# Why are LIGO's beam tubes so wide?

Gravitational wave detectors and particle accelerators have at least one thing in common -- they require long vacuum tubes through which a narrow beam is fired (a laser in the gravitational wave case, a particle beam in the accelerator case). In both cases, the vacuum tube is many orders of magnitude wider than the beam itself. But interestingly, while the LHC's vacuum tubes are 6.3 cm in diameter, LIGO's are about 20 times wider at 1.2 m in diameter.

So my question is: why are LIGO's vacuum tubes so wide? This must have been a conscious design consideration, since it means that a much larger volume of vacuum must be maintained, and more material must be used to construct the tube. The main consideration for tube width that I can think of is that you have to be able to aim your beam within the width allotted, but surely on these grounds LIGO could have gotten away with a much narrower tube. (Actually, I have no idea -- is this even the deciding factor for the tube width at the LHC?)

• I suspect the difference between LIGO and LHC is that the beam is actively steered in the latter case. So one simply adjusts one's magnets until the beam makes the circuit it needs to. There's no way to steer light, aside from bumping it into mirrors. So some of the size difference will simply be to guarantee clear aperture notwithstanding construction errors and the like. But your question is a most excellent one. – WetSavannaAnimal May 26 '16 at 1:43

The LIGO beam is 200 W as generated at the input mode cleaner; the beam is then recycled multiple times in the arms, increasing the power density significantly. This requires large optics with near perfect coatings in order to avoid "hot spot/cold spot" damage from various types of possible defects.

But there is an additional reason for the large beam size, and I quote from Advanced LIGO, section 2.1: "In order to reduce test mass thermal noise, the beam size on the test masses is made as large as practical so that it averages over more of the mirror surface. The dominant noise mechanism here is mechanical loss in the dielectric mirror coatings, for which the displacement thermal noise scales inversely with beam size. This thermal noise reduction is balanced against increased aperture loss and decreased mode stability with larger beams."

Inspecting LIGO's optics for contaminants.

When I was a grad student in the early 1990s, we worked on extremely sensitive, non-destructive techniques based on non-linear optics which could find the coating defects: location and classification. Our detector scanned the surface, and recorded amplitude and phase changes based on the photothermal effect, so I always take a personal interest in the success of LIGO; after all, they helped pay my way!

LIGO Hanford.

• Wow, thanks! I guess it just never occurred to me (though it probably should have!) that a laser could actually be on the order of a meter wide! – tcamps May 26 '16 at 2:53
• Ah, so it's another case of "gravity is so weak that we have to eliminate noise to an absurdly low tolerance to have a chance of seeing a gravitational wave at this distance"? – Luaan May 26 '16 at 8:41
• @Peter Dieher I am new to this; DeLaunay unduloid tubes (which have minimum surface area for given volume geometrically) so are the worst choice,(once a volume is designed/determined ) right? But would it not put a cap on further mechanical mirror coating loss? – Narasimham May 26 '16 at 15:59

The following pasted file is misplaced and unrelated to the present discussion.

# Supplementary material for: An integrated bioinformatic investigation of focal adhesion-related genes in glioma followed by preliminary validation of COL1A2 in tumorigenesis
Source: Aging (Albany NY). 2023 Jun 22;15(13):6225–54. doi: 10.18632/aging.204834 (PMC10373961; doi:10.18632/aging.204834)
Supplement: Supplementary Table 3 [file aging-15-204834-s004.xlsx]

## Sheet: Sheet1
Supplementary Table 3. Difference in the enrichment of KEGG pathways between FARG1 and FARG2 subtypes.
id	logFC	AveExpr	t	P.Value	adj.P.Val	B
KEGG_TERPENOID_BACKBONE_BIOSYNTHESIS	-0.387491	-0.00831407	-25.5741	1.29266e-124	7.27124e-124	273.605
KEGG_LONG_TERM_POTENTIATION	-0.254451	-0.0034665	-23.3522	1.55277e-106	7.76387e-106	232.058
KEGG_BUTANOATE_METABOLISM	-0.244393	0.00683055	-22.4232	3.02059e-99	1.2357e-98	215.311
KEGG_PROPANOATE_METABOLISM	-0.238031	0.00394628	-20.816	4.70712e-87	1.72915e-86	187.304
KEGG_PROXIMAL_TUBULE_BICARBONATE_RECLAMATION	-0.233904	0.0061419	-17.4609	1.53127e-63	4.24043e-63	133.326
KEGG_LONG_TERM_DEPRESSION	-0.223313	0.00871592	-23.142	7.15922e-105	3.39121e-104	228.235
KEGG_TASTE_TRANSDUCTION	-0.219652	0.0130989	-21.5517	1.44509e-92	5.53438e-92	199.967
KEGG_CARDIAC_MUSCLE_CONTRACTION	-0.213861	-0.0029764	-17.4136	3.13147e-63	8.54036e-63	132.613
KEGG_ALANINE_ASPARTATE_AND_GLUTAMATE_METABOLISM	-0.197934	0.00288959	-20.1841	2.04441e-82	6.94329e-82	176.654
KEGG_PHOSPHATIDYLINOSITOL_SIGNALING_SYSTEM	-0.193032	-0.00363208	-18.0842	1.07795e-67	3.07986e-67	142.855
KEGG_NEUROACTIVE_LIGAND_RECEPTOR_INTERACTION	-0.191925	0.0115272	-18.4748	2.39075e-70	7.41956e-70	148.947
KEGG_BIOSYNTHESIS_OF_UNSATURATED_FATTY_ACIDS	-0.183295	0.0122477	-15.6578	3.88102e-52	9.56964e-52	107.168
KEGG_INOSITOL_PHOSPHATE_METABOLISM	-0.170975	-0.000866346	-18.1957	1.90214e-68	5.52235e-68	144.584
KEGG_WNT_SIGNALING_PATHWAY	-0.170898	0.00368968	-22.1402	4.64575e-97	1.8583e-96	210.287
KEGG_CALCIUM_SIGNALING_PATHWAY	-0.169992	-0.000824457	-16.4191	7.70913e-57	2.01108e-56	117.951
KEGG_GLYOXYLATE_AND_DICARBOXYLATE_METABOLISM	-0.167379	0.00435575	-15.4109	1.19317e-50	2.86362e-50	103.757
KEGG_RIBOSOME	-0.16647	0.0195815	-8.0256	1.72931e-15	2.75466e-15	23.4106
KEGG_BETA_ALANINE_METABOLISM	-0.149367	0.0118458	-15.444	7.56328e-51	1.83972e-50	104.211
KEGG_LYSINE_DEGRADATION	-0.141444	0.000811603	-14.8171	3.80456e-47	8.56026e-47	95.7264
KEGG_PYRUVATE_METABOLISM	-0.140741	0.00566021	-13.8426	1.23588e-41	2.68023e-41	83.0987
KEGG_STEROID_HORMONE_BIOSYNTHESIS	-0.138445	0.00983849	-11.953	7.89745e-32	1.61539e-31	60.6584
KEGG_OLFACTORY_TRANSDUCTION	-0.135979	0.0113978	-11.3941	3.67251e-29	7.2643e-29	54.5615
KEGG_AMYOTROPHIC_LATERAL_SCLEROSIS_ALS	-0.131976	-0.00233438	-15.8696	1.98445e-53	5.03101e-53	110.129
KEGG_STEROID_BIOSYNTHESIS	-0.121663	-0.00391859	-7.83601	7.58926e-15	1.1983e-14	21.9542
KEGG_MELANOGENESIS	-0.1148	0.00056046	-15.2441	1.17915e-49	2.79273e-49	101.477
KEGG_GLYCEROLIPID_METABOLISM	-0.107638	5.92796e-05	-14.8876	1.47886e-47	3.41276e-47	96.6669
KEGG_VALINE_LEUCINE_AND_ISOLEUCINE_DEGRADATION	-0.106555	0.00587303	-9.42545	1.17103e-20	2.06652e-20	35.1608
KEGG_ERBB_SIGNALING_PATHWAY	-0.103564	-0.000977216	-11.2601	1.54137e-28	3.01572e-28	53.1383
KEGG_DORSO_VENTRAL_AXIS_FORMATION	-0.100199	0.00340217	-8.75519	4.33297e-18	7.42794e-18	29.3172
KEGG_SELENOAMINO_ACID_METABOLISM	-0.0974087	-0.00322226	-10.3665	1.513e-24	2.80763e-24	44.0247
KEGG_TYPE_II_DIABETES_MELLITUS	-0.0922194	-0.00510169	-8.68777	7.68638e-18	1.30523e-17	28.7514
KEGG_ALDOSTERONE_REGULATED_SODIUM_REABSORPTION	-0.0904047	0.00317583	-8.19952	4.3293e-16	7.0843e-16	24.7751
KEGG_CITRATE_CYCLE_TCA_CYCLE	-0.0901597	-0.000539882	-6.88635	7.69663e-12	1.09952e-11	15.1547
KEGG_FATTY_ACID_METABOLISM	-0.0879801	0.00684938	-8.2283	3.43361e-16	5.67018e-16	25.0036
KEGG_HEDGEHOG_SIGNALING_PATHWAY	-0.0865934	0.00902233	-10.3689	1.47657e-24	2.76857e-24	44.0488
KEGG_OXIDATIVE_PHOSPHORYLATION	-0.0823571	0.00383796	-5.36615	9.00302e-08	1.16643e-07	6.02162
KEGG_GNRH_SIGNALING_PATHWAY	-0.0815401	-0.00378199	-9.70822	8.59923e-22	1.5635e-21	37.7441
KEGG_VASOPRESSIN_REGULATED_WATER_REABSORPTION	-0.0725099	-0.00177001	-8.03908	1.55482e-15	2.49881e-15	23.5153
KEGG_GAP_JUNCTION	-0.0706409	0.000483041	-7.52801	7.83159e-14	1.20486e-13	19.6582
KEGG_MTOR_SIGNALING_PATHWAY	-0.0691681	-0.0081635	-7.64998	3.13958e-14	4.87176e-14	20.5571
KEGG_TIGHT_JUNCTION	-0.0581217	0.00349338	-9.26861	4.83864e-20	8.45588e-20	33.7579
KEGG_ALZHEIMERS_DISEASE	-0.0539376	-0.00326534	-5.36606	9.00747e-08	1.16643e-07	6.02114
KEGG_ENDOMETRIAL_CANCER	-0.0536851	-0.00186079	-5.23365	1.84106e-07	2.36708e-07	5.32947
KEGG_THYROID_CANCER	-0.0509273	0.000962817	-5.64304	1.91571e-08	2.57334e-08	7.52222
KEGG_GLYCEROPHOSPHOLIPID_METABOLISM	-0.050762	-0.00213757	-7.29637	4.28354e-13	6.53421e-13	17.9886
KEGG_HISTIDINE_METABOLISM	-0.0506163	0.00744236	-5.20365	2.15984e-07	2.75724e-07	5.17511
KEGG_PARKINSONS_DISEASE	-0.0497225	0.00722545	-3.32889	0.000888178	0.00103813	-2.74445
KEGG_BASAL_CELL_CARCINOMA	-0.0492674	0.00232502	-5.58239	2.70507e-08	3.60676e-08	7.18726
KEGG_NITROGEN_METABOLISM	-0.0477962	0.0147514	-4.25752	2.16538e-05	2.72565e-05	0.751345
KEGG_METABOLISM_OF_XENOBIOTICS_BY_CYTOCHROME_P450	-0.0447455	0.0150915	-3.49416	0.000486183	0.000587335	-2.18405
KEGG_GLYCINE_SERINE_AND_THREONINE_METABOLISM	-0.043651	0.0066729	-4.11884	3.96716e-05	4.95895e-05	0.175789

• @Narasimham: there are many considerations for vacuum systems, which only increase in complexity for ultrahigh vacuums. The first step is to measure the capacitance, and limit it: this is done by using wide open volumes, like a sphere or a cylinder. Increased capacitance limits pumping speed, even when larger pumps are used -- and since the surfaces will always outgas some hydrogen, one must always keep pumping. – Peter Diehr May 26 '16 at 16:05
• LIGO’s arms have a modification called Fabry Perot cavities which use additional mirrors near the beam splitter so that the light travels about 400 times the length of the arm, or 1600 km. I think those are separate from the "power recycling" mirrors that increase the power of the beam. I wouldn't be surprised if both of those features required a larger vacuum system size. – John Fistere May 31 '16 at 21:09

This must have been a conscious design consideration, since it means that a much larger volume of vacuum must be maintained

While I don't think that it's what motivated LIGO, the volume is not as much a consideration in high-vacuum as the surface area. Once the chamber has been pumped out, the ultimate vacuum level is set by the rate of desorption/outgassing from molecules that have adhered to the chamber walls.

But still, you say, the larger chamber has a larger surface area than a smaller one.

The rate at which residual gas molecules are pumped away is determined in part by the cross-sectional area - the larger the area, the more quickly molecules will diffuse around and 'fall into' the pump. The rate of flow is actually proportional to the diameter cubed [wikipedia].

The ratio of surface area to volume is smaller for the larger chambers, which means that for a given rate of outgassing per surface area, there's a lower density of gas molecules in the chamber.

In short, it can be easier to achieve better vacuum in larger chambers than smaller ones.

However, there are ultimately tradeoffs that limit how big you want to make the chamber - you still need larger pumps, for instance. At the LHC, they need to have cryogenics and magnet windings around the beam path, which aren't feasible to make much bigger.

• Great insight, even if it isn't the main reason for LIGO: hadn't thought about this before, so I've learnt something +1 – WetSavannaAnimal May 26 '16 at 10:08

• Peter's link (§2.1) confirms the beam's $1/e^2$ radius at ~5cm. – Emilio Pisanty May 31 '16 at 19:30